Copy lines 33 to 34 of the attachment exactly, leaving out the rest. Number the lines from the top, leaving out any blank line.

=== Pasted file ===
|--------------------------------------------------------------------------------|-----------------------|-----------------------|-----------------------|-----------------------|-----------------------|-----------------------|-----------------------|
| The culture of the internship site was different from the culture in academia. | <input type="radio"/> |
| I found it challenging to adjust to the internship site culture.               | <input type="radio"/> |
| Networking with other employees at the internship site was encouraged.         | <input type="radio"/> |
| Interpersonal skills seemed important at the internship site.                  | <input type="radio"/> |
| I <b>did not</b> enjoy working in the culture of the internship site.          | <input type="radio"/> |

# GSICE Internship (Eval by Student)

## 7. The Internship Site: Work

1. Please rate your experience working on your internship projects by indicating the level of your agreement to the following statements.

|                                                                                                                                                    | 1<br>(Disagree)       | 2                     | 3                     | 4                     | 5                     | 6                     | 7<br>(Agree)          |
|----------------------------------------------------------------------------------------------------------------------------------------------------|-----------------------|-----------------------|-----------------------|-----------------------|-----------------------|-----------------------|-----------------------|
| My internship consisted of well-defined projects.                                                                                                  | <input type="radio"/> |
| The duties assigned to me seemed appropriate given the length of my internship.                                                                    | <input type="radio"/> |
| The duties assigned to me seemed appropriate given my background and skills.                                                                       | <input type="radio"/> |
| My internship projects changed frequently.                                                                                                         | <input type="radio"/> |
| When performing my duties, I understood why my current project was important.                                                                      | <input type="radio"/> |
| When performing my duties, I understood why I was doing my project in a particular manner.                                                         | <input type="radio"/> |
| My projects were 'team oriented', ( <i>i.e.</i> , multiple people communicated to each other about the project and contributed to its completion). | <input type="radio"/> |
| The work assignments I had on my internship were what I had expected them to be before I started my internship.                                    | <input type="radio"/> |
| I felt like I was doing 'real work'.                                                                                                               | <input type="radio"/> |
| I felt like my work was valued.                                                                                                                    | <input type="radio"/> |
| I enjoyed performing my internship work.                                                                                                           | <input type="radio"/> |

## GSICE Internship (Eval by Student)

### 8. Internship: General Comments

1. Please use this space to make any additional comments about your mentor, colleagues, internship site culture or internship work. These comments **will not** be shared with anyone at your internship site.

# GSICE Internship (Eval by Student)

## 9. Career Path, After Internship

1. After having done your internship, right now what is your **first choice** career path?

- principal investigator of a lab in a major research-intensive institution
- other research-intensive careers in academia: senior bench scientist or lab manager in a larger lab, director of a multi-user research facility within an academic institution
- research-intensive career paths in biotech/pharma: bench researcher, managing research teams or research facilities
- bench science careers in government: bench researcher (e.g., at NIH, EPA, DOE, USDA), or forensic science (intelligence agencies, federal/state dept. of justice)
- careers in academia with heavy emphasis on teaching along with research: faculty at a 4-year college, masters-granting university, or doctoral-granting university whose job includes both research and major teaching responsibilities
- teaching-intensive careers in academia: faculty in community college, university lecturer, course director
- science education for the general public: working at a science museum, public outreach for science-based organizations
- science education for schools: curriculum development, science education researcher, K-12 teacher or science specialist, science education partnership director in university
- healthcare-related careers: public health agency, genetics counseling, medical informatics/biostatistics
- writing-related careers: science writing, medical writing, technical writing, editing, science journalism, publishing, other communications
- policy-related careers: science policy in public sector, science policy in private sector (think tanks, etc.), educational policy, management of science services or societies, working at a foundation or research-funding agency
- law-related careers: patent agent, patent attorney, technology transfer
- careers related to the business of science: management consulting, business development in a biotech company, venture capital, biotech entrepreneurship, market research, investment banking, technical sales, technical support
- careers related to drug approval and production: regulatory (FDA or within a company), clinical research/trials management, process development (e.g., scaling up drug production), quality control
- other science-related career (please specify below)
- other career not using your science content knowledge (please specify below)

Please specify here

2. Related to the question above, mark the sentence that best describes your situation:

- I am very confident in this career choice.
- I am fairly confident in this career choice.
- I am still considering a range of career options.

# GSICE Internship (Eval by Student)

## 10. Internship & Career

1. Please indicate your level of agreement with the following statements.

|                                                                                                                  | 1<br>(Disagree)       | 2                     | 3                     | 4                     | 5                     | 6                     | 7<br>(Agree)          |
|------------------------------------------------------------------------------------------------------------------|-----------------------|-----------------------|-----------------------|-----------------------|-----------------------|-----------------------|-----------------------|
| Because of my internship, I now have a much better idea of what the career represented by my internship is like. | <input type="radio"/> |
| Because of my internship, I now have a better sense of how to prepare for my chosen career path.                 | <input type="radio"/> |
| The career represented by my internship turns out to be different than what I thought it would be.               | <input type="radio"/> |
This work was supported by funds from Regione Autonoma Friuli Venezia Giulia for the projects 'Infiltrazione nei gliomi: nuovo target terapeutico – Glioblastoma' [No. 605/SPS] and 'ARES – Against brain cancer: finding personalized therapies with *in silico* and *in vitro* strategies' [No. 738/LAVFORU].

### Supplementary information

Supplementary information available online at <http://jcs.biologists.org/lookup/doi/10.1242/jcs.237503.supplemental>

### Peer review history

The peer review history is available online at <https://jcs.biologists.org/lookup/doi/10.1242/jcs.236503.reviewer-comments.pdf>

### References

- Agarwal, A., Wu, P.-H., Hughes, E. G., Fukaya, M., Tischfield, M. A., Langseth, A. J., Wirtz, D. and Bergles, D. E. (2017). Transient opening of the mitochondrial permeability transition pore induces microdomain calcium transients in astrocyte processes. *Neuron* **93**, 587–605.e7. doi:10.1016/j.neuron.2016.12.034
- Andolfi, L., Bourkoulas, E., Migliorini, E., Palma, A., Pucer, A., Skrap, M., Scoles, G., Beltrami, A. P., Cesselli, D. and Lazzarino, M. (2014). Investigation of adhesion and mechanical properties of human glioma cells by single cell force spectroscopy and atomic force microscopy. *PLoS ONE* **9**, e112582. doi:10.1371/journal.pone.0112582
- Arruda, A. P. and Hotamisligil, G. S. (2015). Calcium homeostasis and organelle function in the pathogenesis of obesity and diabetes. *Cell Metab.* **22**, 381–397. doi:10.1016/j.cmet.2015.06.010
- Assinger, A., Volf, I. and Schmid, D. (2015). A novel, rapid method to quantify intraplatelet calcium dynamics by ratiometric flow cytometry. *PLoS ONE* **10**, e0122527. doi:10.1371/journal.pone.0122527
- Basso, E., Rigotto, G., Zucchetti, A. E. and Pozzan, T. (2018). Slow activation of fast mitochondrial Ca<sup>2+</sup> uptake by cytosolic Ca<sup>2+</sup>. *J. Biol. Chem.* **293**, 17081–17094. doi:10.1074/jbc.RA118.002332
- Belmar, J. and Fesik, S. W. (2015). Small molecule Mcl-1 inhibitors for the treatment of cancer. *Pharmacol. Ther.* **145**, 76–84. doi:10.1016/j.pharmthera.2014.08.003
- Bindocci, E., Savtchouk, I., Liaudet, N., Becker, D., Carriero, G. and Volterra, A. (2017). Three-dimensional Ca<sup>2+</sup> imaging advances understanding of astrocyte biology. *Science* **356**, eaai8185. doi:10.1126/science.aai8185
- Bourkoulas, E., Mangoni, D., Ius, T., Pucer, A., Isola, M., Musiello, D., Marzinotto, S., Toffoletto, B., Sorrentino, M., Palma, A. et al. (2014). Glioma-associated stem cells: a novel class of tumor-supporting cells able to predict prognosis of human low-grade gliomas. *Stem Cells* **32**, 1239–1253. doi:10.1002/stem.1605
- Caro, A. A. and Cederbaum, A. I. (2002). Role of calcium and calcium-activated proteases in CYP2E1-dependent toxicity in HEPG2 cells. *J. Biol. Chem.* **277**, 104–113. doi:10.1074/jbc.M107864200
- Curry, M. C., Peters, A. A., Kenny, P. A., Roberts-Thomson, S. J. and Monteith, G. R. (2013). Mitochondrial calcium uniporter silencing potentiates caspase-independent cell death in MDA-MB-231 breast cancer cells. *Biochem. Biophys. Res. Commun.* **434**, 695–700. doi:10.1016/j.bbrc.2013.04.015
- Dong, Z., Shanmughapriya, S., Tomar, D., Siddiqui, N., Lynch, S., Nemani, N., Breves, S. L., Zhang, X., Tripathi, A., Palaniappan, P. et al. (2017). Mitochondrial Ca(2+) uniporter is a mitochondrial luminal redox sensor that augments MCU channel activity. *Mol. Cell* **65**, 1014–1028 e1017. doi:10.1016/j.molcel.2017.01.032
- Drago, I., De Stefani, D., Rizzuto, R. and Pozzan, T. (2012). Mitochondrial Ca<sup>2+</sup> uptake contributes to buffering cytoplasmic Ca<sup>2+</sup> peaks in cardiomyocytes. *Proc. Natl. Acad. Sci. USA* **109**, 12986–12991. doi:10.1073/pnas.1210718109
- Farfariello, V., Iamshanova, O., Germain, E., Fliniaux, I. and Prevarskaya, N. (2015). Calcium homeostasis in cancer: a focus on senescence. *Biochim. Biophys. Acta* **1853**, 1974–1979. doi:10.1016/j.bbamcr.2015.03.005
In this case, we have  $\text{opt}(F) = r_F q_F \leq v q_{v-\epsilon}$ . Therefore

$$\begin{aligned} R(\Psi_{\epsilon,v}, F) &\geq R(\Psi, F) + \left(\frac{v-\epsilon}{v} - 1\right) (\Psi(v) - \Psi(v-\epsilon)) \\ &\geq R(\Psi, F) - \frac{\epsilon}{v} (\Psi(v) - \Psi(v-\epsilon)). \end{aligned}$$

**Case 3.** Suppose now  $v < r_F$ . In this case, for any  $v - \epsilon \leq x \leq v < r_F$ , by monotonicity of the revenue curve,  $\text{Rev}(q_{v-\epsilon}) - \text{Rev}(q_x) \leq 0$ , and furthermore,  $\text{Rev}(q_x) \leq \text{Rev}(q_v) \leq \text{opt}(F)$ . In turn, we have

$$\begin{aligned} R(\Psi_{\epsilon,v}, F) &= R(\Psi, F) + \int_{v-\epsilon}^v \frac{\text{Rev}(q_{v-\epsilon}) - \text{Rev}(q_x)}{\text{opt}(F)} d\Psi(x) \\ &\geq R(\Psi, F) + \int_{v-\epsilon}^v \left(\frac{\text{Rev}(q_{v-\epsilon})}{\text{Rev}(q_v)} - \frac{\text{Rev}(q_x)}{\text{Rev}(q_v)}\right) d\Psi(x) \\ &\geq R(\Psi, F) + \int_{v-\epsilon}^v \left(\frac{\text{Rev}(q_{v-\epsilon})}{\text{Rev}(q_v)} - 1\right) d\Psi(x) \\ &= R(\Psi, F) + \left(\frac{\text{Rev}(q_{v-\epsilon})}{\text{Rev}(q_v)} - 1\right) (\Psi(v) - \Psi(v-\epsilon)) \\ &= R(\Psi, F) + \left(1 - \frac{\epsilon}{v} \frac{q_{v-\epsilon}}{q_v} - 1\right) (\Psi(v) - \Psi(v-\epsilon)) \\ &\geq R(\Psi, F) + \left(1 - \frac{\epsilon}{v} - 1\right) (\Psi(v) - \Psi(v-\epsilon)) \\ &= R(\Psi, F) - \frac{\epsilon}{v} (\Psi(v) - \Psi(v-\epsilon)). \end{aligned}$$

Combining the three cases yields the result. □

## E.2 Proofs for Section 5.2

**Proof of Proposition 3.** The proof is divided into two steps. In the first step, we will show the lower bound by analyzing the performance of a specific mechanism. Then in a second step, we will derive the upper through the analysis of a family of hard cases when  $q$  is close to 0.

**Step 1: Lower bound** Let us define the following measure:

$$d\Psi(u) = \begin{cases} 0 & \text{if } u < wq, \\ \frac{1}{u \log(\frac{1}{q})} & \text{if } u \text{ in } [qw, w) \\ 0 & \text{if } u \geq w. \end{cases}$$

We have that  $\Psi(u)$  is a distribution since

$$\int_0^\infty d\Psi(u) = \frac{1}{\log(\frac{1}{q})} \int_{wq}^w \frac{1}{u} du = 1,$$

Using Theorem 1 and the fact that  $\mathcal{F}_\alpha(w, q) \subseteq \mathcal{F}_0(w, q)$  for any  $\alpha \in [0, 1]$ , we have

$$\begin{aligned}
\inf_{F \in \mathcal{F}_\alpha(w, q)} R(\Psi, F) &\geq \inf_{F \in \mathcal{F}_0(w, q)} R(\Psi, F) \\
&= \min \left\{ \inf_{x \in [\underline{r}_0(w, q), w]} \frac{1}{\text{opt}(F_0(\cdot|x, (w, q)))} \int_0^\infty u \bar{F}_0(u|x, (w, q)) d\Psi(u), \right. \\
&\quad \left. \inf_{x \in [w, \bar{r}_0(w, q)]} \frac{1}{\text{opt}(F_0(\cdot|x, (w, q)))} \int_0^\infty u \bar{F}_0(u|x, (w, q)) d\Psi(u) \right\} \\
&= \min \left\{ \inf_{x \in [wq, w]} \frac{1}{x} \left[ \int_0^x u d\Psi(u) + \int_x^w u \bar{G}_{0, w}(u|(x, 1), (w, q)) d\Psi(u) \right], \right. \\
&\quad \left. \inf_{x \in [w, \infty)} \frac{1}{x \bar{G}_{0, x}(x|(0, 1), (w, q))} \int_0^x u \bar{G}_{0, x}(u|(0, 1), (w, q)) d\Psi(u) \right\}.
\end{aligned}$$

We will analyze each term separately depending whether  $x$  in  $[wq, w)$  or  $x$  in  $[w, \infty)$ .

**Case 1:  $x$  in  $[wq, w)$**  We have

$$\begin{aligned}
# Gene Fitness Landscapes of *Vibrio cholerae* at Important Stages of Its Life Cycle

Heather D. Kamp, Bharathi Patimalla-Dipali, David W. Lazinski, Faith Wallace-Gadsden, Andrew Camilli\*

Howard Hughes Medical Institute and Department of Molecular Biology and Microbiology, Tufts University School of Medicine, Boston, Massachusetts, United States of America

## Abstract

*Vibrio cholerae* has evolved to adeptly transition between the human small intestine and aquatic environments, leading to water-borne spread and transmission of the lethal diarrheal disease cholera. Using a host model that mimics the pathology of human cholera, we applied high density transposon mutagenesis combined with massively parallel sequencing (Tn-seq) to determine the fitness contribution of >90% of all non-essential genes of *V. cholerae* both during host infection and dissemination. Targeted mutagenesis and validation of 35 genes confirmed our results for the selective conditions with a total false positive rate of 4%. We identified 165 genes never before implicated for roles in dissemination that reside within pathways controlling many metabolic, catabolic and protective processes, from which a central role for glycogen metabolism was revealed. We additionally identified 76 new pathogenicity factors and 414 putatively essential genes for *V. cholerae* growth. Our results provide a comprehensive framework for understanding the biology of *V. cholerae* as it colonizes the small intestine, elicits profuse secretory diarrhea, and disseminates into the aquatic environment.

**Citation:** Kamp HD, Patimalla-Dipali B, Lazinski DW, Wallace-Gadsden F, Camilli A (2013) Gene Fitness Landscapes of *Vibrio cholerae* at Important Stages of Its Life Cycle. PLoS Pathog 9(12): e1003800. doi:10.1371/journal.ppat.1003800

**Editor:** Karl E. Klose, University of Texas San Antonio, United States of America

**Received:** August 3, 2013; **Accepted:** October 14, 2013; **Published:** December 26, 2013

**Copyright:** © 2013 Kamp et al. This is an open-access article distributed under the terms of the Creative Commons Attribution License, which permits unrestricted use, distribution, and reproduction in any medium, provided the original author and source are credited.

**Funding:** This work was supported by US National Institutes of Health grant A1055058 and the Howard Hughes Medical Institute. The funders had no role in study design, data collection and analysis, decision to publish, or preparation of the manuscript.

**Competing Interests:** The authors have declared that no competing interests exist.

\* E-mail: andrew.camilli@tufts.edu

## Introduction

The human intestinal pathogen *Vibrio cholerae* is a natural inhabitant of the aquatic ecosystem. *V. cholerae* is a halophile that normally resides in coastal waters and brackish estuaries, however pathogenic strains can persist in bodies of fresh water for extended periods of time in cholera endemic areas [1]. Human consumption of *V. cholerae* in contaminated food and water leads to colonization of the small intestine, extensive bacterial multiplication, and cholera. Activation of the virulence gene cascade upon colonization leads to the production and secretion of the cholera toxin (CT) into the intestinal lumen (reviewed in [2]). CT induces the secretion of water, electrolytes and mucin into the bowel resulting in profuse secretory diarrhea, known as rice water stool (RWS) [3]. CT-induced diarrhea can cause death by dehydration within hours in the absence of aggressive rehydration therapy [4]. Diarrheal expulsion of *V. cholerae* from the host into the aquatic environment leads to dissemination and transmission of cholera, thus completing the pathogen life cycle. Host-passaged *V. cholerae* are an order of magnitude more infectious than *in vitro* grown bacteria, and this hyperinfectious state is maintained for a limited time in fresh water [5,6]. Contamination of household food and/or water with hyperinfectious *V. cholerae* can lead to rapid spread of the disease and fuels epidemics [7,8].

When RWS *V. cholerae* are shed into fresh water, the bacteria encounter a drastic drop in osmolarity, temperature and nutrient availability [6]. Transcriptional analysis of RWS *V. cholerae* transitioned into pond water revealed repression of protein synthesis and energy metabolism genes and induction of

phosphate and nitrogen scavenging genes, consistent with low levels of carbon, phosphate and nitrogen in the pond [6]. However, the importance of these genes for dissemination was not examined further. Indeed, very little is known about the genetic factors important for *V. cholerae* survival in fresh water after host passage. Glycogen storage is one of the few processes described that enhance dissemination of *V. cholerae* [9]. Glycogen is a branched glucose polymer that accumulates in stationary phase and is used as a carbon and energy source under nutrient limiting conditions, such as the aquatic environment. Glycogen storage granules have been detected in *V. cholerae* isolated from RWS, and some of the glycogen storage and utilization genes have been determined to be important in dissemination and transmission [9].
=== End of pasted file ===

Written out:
- careers in academia with heavy emphasis on teaching along with research: faculty at a 4-year college, masters-granting university, or doctoral-granting university whose job includes both research and major teaching responsibilities
- teaching-intensive careers in academia: faculty in community college, university lecturer, course director